Intel Core i7 2600K benchmarking

The synthetic system tests did not quite have such a runaway difference, but the Intel Core i7-2600K again performed well

Intel Core i7 2600K games benchmarking

Intel Core i7 2600K games benchmarking

Real-world gaming tests for the Intel Core i7-2600K

In brief, the mainstream Intel Core i7-2600K processor manages to class itself among the top performing processors, even overtaking AMD's six-core on occasion.

Intel Core i7-2600K overclocking

Most people who pass over the standard i7-2600 and buy the Intel Core i7-2600K will do so for overclockability. The variant with a 'K'has an unlocked multiplier, and we decided to see how high it could go, retaining stability as verified by an AIDA-64 stress test.

With a tiny voltage increase, the Intel Core i7-2600K managed 4.33GHz and ended up being 'throttled' for thermal reasons by the Bios, so that was all we could attain from a simple manual overclock 'on air', but this number is still a full gigahertz higher than its normal speed. At the increased speed, there was a further performance jump in real-world game benches, varying from 15 percent  to almost zero depending on the game in question.

The entire Sandy Bridge line-up now has graphics onboard the processor (not DirectX 11, though). The Intel HD Graphics 3000 has enhanced performance by upto 3 times, with its 'Execution Units' model, which will mean a lot for lower-end PC gaming and be a potent threat to low-end graphics cards. As with the previous generation the 'P' performance-oriented boards cannot make use of the IGP, while those marked in the 'H' series can. Check back in a while to see how it performed in video encoding and gaming tests.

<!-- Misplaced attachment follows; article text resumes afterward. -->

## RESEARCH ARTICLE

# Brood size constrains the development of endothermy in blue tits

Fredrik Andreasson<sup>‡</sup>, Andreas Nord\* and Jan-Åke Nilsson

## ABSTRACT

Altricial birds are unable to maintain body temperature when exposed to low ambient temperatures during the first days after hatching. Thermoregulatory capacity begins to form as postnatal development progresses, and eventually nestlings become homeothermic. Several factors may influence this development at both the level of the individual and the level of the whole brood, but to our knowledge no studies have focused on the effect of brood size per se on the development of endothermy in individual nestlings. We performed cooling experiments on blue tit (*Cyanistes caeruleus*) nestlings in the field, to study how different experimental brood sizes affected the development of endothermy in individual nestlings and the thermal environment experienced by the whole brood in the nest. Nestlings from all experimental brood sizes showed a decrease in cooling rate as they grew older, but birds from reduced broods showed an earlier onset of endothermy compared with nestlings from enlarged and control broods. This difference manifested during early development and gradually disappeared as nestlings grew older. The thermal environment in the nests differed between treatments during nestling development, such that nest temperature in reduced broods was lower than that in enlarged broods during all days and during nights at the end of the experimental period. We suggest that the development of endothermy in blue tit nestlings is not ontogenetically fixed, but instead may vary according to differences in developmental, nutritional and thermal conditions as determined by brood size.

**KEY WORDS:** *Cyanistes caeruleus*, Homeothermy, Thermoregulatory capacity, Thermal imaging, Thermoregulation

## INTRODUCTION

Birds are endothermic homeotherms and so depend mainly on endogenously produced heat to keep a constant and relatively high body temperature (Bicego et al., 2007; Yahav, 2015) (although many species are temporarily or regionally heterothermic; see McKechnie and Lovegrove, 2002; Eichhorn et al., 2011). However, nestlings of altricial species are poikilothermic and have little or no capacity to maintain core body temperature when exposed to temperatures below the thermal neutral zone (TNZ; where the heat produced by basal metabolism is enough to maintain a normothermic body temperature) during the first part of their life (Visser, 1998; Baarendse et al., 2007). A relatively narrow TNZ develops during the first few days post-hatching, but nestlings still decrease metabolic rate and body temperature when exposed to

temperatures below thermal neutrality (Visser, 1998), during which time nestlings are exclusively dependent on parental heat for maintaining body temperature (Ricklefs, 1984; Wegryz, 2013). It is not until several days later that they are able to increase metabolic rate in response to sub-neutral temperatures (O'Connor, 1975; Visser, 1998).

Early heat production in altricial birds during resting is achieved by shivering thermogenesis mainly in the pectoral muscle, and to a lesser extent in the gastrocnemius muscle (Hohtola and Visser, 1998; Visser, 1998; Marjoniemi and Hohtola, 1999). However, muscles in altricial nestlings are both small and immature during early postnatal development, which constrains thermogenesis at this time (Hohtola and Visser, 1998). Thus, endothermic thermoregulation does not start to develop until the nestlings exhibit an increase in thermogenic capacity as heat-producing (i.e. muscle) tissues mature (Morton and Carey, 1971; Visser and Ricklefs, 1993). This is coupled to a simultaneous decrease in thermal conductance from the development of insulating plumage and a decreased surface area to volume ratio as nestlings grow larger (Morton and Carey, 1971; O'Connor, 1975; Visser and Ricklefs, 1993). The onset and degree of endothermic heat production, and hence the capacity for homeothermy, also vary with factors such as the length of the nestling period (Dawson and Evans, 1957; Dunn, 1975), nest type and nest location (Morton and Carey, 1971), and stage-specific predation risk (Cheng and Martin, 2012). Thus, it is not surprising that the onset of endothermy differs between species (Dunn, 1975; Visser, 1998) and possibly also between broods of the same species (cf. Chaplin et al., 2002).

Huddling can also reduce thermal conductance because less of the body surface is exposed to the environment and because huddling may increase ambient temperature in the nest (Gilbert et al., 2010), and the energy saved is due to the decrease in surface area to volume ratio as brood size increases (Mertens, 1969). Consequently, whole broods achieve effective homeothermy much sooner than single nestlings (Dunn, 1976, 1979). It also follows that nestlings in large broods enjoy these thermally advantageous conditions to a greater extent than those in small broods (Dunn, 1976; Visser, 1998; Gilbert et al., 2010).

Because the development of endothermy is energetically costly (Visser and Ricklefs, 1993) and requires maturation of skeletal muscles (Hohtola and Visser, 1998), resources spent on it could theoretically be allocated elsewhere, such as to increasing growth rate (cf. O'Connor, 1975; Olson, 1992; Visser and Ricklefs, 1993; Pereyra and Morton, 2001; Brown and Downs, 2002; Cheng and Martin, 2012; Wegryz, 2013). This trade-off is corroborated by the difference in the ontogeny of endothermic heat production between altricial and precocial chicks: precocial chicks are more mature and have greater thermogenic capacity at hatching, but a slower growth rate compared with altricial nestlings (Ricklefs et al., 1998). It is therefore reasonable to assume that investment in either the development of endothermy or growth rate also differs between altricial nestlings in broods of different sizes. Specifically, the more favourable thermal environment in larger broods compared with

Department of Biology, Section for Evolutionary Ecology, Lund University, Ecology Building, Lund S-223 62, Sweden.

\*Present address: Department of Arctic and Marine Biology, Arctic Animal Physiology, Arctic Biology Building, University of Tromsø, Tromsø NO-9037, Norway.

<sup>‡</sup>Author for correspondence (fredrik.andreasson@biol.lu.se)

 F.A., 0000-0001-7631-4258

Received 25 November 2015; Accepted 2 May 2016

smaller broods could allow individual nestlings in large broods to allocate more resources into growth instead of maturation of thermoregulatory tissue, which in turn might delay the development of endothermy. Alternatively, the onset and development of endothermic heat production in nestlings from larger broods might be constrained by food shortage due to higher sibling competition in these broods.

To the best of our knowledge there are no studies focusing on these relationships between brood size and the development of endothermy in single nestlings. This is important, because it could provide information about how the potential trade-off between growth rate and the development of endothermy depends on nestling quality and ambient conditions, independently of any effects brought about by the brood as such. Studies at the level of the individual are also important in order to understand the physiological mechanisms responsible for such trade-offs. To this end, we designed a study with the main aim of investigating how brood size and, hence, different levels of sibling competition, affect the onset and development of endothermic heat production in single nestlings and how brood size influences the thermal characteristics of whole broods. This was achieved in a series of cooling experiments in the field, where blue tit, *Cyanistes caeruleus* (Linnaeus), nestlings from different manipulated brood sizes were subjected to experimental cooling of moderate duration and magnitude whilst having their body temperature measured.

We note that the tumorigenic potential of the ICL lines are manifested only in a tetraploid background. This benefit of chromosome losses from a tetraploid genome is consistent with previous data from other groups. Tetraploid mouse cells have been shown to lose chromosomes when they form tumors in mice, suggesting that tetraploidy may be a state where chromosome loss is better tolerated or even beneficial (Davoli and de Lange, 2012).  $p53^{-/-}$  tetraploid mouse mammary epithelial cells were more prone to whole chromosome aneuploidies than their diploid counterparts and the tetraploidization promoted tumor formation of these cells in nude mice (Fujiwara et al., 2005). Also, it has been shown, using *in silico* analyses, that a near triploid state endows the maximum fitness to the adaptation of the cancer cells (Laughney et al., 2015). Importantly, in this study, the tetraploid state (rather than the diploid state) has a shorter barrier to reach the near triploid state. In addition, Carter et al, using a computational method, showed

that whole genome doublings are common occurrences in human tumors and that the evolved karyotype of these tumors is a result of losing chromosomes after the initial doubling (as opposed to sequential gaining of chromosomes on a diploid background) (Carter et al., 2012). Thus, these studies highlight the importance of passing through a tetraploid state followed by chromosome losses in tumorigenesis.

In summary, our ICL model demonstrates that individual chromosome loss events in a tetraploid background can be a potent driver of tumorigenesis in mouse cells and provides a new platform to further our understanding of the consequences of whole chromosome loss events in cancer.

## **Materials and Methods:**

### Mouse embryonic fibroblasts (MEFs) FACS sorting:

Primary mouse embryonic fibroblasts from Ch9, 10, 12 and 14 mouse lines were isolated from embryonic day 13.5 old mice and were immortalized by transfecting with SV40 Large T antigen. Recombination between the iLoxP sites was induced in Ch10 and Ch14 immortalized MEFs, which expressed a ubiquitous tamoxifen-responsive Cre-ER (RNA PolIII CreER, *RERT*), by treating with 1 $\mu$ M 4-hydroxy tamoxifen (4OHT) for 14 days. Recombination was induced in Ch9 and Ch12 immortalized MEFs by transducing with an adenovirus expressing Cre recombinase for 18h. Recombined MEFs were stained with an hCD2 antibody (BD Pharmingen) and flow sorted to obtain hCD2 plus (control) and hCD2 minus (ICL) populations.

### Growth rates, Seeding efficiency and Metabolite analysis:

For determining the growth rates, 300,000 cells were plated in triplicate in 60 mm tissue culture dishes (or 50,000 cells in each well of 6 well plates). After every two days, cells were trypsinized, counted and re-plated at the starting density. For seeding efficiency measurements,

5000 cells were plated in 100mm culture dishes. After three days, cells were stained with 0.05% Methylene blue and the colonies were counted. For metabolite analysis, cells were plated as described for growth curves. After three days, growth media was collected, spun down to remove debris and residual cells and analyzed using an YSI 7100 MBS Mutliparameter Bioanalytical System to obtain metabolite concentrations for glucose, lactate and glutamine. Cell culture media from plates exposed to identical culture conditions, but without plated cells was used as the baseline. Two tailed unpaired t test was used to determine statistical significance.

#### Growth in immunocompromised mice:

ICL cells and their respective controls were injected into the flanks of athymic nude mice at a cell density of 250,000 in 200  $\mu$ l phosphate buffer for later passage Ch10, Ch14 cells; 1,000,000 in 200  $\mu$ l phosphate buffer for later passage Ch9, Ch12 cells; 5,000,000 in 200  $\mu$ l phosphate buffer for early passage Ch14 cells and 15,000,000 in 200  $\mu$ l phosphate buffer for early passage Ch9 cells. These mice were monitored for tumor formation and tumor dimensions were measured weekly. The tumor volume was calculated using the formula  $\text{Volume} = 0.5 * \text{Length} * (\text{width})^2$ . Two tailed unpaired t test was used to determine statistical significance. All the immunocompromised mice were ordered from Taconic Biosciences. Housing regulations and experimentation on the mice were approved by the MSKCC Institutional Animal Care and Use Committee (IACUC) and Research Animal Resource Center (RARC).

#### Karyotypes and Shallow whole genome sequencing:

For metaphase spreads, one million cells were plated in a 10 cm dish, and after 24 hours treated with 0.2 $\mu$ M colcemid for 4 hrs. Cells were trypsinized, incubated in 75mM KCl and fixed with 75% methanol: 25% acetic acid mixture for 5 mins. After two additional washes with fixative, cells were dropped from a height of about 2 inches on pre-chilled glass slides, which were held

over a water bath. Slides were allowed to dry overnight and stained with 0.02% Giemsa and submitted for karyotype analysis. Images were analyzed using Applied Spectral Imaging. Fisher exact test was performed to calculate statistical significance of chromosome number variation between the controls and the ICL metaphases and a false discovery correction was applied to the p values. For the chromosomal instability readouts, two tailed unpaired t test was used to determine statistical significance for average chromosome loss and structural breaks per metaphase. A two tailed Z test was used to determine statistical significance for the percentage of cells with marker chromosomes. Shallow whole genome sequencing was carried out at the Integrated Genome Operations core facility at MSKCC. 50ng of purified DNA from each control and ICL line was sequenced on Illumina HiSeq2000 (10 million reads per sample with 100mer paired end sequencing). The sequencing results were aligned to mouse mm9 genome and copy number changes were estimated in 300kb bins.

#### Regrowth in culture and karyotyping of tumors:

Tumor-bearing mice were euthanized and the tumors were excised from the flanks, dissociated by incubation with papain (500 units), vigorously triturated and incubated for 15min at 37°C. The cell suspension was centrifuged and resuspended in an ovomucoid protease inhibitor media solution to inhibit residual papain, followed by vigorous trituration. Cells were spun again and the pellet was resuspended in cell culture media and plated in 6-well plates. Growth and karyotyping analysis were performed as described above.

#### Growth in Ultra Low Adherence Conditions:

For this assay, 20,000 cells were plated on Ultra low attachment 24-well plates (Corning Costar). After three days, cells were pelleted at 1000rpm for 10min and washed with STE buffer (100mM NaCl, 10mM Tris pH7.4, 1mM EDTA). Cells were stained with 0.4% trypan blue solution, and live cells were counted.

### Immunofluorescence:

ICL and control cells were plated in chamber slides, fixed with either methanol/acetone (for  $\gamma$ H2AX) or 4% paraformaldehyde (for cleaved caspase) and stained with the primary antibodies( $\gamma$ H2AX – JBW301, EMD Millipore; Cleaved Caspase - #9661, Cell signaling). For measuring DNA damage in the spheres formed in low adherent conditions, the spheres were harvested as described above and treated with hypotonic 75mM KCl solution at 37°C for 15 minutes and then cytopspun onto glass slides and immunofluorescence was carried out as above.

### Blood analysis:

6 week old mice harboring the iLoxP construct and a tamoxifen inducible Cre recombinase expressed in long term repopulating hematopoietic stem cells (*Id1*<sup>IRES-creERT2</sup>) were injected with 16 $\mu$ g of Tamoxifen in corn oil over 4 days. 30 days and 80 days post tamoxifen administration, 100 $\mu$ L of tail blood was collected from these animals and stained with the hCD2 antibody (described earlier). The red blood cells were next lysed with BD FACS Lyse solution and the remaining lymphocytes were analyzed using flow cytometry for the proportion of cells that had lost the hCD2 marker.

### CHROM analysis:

Intel Core i7 2600K

Next page: Our expert verdict >>

See also:

Processor reviews

CES: Intel's new tablet chip gaining momentum

Intel: Sandy Bridge chips to take laptops into the future

How to upgrade your PC to run cooler and quieter

Speed up your PC: A beginner's guide to overclocking

Intel Core i7-2600K (Sandy Bridge) Expert Verdict »

Intel Sandybridge i7-2600K Scores 9.2 out of 10 based on 28 reviews
3.4GHz clock speed
max TurboBoost speed 3.8GHz
four cores
HyperThreading up to eight threads
LGA1155 socket
32nm manufacturing process
100MHz external bus
256KB Level 1 cache
1MB Level 2 cache
8MB Level 3 cache
supports DDR3 1066/1333 RAM
max TDP 95W
  • Overall: We give this item 9 of 10 overall

The Intel Core i7-2600K is a worthy successor to the i7-860 and i7-920 chips at default clock speeds. If Sandy Bridge permeates the entire market, the (relatively) lower-end LGA1156 motherboards and processors can walk away. In fact, even the X58 line (including the hexacores) can now be scratched off the wish-list of most aspiring gaming/performance PC buyers, replacing the same with a Sandy Bridge board and processor instead. On balance, paying about the same amount for a higher-end processor and getting a 25 per cent increase in performance (besides overclockability) is a deal that is very hard to pass up. Despite the rapid socket changes Intel is going through, we can safely say that those looking to build a performance PC won't regret a Sandy Bridge purchase.